With an abundance of resources, especially coal, oil, natural gas, hydro and geothermal, solar is not an obvious choice for Myanmar. Solar power, however, is an excellent source of energy for the country and could help it meet some of its more pressing energy needs in the near and mid-term. Solar may also have a role to play in Myanmar’s long-term energy future, even as other sources ramp up and as the grid is improved.
Like much of South-east Asia, Myanmar gets a good amount of sunlight. On average, the country receives about 5 KW per square metre per day (KWh/m2/day) of solar energy. Actual insolation rates do vary depending on the time of year and the exact location – for example, the southern areas are overcast during the rainy season, which runs from May through October. During the dry season, seven to 10 hours of sunlight a day is typical, while only three to four hours a day is not uncommon during the wetter months. But many places in the country are suitable for solar power generation. Yangon, for example, receives an average of 6.61 KWh/m2/day of solar energy in April, though only 3.43 in August, according to the National Aeronautics and Space Administration. In Mandalay, the peak is 6.30 KWh/m2/day in April.
A 2009 government report titled “Assessment of Solar Energy Potentials for the Union of Myanmar” found that 36% of Myanmar received sufficient annual solar radiation to be suitable for solar energy production. The eastern side of the country, bordering Thailand and Laos, has the lowest potential. The Dry Zone in the centre of the country has the highest potential, while some locations in the north also have good sunlight, as does the Yangon region. Myanmar has better insolation than Cambodia, Laos and Japan, though not as much as India, and is on par with Thailand.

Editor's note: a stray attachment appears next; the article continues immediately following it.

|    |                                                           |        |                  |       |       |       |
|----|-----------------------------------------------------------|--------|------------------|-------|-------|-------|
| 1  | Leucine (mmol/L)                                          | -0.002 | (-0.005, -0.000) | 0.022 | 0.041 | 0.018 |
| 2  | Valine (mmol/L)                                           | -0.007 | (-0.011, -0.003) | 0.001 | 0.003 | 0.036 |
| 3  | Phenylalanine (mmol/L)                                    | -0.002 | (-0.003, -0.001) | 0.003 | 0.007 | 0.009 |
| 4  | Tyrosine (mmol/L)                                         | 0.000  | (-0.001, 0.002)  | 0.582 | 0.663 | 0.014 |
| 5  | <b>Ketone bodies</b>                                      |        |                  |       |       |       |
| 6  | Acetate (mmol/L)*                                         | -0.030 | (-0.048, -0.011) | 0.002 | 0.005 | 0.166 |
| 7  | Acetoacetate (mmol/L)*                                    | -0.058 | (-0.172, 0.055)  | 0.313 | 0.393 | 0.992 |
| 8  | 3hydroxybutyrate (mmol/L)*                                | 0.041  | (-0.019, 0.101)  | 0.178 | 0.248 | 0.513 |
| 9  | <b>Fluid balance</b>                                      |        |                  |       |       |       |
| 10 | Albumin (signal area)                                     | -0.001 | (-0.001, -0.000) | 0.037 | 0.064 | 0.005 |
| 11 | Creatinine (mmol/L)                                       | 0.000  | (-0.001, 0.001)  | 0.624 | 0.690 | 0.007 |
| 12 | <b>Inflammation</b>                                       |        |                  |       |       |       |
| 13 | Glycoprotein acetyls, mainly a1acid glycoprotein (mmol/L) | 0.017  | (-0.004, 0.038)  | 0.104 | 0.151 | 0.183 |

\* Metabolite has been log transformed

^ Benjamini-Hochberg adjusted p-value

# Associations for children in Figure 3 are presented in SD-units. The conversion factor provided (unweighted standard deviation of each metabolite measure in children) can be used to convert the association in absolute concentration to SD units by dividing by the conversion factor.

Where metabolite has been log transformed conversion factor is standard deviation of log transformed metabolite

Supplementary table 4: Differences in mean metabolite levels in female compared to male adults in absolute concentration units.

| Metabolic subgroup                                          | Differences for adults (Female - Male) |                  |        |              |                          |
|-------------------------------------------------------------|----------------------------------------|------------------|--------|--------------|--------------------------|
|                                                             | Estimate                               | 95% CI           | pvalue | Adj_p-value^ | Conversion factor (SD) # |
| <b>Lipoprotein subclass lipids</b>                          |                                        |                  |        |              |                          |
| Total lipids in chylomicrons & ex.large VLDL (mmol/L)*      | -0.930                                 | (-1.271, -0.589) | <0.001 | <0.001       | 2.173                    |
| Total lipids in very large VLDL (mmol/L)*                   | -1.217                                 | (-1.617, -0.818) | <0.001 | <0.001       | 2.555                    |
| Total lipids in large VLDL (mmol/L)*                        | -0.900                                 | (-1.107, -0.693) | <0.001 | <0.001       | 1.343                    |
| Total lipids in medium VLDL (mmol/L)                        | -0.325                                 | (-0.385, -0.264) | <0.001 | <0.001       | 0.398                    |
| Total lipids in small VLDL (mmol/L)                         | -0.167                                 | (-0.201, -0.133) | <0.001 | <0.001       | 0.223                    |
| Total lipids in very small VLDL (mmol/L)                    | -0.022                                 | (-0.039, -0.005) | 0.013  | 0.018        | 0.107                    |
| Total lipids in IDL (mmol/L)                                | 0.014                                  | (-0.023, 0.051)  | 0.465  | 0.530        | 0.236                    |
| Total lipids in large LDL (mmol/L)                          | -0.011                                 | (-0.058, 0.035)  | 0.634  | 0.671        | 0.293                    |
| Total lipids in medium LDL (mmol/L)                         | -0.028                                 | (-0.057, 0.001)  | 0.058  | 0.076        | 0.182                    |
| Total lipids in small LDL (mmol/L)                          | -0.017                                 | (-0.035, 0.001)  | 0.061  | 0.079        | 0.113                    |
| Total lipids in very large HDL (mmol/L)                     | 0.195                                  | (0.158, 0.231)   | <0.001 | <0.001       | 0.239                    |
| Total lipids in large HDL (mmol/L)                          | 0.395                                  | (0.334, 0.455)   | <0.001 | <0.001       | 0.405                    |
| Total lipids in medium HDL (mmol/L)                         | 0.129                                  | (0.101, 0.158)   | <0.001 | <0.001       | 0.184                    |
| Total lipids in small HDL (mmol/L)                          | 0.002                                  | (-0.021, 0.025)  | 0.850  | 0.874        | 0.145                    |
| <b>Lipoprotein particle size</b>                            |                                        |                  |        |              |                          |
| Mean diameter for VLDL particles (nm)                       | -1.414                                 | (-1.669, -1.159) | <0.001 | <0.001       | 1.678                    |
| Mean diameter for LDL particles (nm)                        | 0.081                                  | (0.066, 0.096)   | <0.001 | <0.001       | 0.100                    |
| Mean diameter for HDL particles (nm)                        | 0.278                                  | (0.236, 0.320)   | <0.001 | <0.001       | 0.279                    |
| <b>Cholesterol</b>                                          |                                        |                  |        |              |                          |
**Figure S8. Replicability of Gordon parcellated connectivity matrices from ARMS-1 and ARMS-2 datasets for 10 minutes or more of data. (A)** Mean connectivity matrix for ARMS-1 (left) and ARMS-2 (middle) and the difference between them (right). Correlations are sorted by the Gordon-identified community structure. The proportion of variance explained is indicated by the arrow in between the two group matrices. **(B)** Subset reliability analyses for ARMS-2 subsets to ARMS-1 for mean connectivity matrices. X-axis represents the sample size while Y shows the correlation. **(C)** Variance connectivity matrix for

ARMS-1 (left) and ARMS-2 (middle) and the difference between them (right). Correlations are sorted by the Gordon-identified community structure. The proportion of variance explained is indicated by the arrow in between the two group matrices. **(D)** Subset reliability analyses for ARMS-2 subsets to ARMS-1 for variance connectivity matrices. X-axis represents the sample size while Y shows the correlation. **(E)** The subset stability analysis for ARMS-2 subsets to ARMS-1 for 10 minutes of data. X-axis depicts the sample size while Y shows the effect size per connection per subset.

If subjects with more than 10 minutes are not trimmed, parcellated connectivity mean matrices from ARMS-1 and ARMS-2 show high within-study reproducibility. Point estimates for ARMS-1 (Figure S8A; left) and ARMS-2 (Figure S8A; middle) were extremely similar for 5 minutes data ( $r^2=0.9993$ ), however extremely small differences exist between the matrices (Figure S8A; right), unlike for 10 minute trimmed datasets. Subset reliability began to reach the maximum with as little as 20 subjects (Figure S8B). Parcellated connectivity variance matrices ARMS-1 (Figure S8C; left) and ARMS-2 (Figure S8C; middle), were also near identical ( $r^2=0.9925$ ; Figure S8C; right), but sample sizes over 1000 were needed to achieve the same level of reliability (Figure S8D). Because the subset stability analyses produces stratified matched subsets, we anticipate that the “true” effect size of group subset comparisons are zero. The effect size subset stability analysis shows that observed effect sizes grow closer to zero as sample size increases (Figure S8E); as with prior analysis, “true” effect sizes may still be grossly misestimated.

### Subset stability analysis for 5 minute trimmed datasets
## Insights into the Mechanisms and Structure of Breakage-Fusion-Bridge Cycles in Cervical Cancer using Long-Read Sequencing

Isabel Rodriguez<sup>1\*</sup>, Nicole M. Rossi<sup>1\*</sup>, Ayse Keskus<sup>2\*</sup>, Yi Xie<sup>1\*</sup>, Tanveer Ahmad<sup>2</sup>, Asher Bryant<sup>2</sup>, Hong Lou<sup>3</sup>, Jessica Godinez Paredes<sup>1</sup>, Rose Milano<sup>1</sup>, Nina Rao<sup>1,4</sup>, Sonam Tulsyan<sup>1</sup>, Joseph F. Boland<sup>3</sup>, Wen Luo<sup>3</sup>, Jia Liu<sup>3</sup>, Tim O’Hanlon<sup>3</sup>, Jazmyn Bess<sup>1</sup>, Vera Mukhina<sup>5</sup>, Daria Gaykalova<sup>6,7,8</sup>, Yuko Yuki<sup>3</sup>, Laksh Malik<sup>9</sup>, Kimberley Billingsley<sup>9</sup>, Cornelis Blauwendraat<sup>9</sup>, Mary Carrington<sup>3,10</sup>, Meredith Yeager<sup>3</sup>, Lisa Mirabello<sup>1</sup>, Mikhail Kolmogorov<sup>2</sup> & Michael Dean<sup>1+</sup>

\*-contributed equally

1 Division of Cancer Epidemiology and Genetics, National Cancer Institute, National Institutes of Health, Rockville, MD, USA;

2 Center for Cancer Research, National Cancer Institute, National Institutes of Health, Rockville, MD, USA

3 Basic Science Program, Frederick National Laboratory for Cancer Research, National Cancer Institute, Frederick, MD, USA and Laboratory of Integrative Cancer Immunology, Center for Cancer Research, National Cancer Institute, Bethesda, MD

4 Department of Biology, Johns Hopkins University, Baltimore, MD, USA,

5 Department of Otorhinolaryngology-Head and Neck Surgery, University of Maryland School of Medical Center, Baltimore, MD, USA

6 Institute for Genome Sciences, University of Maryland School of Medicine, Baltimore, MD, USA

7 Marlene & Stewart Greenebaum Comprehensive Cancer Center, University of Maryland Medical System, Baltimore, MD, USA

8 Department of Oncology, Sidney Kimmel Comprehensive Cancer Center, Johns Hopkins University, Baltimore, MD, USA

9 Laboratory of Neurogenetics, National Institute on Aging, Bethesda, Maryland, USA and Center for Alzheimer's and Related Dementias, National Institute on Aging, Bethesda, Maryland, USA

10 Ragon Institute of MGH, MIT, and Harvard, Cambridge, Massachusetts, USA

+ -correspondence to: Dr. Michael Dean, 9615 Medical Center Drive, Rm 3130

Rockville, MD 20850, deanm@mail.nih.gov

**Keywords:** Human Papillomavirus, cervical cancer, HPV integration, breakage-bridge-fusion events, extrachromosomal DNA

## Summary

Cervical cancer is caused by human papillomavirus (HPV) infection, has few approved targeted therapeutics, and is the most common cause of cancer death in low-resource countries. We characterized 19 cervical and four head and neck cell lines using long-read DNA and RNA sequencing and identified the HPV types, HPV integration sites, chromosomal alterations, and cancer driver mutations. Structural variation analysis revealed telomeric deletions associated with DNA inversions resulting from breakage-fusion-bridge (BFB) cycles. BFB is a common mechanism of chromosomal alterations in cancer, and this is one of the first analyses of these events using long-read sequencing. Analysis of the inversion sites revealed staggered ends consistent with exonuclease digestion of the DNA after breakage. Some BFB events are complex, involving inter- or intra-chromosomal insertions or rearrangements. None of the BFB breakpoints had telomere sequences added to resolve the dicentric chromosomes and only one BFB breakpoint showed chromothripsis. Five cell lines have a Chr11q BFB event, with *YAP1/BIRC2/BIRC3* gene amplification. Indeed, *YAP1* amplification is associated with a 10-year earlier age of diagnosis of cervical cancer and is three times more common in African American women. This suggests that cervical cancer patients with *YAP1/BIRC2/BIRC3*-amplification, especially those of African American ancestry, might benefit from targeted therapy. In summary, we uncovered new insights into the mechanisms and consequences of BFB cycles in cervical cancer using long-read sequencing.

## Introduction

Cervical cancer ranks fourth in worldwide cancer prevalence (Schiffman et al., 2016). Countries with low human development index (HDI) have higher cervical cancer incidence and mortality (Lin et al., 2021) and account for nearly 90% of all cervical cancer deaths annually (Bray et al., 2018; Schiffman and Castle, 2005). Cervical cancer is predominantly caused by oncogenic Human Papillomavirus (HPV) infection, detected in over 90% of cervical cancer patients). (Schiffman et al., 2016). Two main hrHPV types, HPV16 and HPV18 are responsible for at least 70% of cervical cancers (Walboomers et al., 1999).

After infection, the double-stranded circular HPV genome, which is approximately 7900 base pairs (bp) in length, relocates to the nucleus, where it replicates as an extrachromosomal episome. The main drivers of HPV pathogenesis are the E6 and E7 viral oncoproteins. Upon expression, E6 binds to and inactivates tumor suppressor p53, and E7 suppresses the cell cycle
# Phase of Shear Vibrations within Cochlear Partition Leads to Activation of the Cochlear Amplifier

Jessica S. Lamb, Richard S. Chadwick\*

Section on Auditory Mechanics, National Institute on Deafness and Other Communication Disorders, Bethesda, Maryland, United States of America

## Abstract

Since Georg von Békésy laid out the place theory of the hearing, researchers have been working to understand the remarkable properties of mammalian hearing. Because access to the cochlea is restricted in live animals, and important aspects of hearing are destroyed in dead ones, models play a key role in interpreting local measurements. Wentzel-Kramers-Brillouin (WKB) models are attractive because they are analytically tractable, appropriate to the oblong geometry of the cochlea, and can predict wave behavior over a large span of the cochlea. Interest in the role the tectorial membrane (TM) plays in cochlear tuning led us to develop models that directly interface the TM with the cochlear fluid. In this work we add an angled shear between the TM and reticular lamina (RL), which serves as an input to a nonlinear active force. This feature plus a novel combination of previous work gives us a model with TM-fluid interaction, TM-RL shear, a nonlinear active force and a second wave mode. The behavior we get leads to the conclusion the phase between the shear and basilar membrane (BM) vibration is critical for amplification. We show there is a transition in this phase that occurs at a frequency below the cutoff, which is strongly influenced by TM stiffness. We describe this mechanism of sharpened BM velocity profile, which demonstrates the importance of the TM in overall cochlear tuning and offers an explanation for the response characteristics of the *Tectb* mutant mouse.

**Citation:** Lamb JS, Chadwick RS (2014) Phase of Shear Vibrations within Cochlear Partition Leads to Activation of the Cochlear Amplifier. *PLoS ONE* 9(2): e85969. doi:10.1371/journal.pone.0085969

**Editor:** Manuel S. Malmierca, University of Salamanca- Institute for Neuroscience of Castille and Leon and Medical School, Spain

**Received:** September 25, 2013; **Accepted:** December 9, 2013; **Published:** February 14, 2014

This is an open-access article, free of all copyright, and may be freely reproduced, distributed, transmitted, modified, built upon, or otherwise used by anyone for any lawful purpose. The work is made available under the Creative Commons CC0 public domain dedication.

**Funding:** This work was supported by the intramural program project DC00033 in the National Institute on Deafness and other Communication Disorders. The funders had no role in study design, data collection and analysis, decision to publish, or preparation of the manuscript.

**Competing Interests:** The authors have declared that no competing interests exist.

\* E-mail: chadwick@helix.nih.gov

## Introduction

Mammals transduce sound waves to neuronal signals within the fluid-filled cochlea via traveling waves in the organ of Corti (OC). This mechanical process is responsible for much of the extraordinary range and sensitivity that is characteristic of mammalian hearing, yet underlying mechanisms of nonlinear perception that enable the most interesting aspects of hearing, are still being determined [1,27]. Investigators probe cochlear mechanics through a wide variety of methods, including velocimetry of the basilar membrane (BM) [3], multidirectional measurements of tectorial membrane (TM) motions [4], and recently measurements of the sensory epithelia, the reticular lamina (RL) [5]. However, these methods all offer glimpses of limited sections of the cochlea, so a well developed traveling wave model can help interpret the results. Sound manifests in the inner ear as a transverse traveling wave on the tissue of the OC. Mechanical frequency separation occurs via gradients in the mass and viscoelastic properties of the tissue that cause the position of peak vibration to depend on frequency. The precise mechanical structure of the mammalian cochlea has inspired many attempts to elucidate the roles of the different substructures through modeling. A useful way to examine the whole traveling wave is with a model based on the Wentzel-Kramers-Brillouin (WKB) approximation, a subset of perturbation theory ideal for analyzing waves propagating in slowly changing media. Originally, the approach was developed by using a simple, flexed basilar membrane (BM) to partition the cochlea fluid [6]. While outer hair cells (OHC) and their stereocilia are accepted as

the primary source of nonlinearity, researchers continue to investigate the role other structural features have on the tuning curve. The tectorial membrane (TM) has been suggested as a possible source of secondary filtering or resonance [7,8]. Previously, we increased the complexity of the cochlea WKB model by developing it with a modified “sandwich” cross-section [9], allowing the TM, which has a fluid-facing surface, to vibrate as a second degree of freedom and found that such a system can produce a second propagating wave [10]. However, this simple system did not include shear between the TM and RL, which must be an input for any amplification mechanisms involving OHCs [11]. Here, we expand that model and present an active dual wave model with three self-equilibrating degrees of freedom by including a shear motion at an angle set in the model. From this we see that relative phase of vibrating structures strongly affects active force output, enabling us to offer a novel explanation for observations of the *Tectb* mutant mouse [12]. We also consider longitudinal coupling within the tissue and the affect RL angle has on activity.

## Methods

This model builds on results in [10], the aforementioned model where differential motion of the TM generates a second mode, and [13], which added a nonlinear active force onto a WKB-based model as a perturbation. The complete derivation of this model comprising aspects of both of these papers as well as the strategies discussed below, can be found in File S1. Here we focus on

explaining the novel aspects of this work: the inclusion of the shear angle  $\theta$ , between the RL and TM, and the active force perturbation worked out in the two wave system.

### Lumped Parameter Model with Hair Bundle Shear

A Good Solution, Now
The main argument in favour of solar, however, is not so much the amount of sunshine the country receives, but the state of the power supply in Myanmar. It is estimated that only 26% of people in the country have access to electricity and only 4% of the population in the rural areas. Capacity is too low; all the of country’s generators could only produce 1350 MW against 1850 MW of demand in the summer of 2012. Plants are also in poor condition, and the grid is in need of repair or even simply non-existent in many places. The situation often results in a complete lack of power or the use of diesel generators, which are expensive and polluting. An estimated 42,000 villages have no electricity at all and an estimated 14,000 are powered by diesel generators.
Solar offers the possibility of electricity, and clean electricity, before the arrival of the formal grid. Proponents argue that small, purpose-made devices, single-home solar solutions and village-wide solar generation are all possible and will help bring electricity cheaply and quickly to rural Myanmar. Solar can also be an interim or supplemental power source for businesses and certain industries, and even special economic zones.
The appeal of solar is that it does not have to wait for the rest of the country to develop a strategy or raise funds to build up generation and distribution capacity. It can be put into place right away. U Thoung Win, chairman of the Renewable Energy Association in Myanmar, notes that solar energy can be up and running in a short period of time. He estimated one day for a house and one month for a village.
The renewable energy community is calling for the creation of mini-grids in Myanmar. They can provide power immediately, link up with each other and then connect to the main grid as it extends into the countryside. Ultimately, they may be able to sell any excess power to the grid when the connection is made, and they may also be used to power base transceiver stations for telecommunications companies, thus allowing villages to profit and defray the costs of it.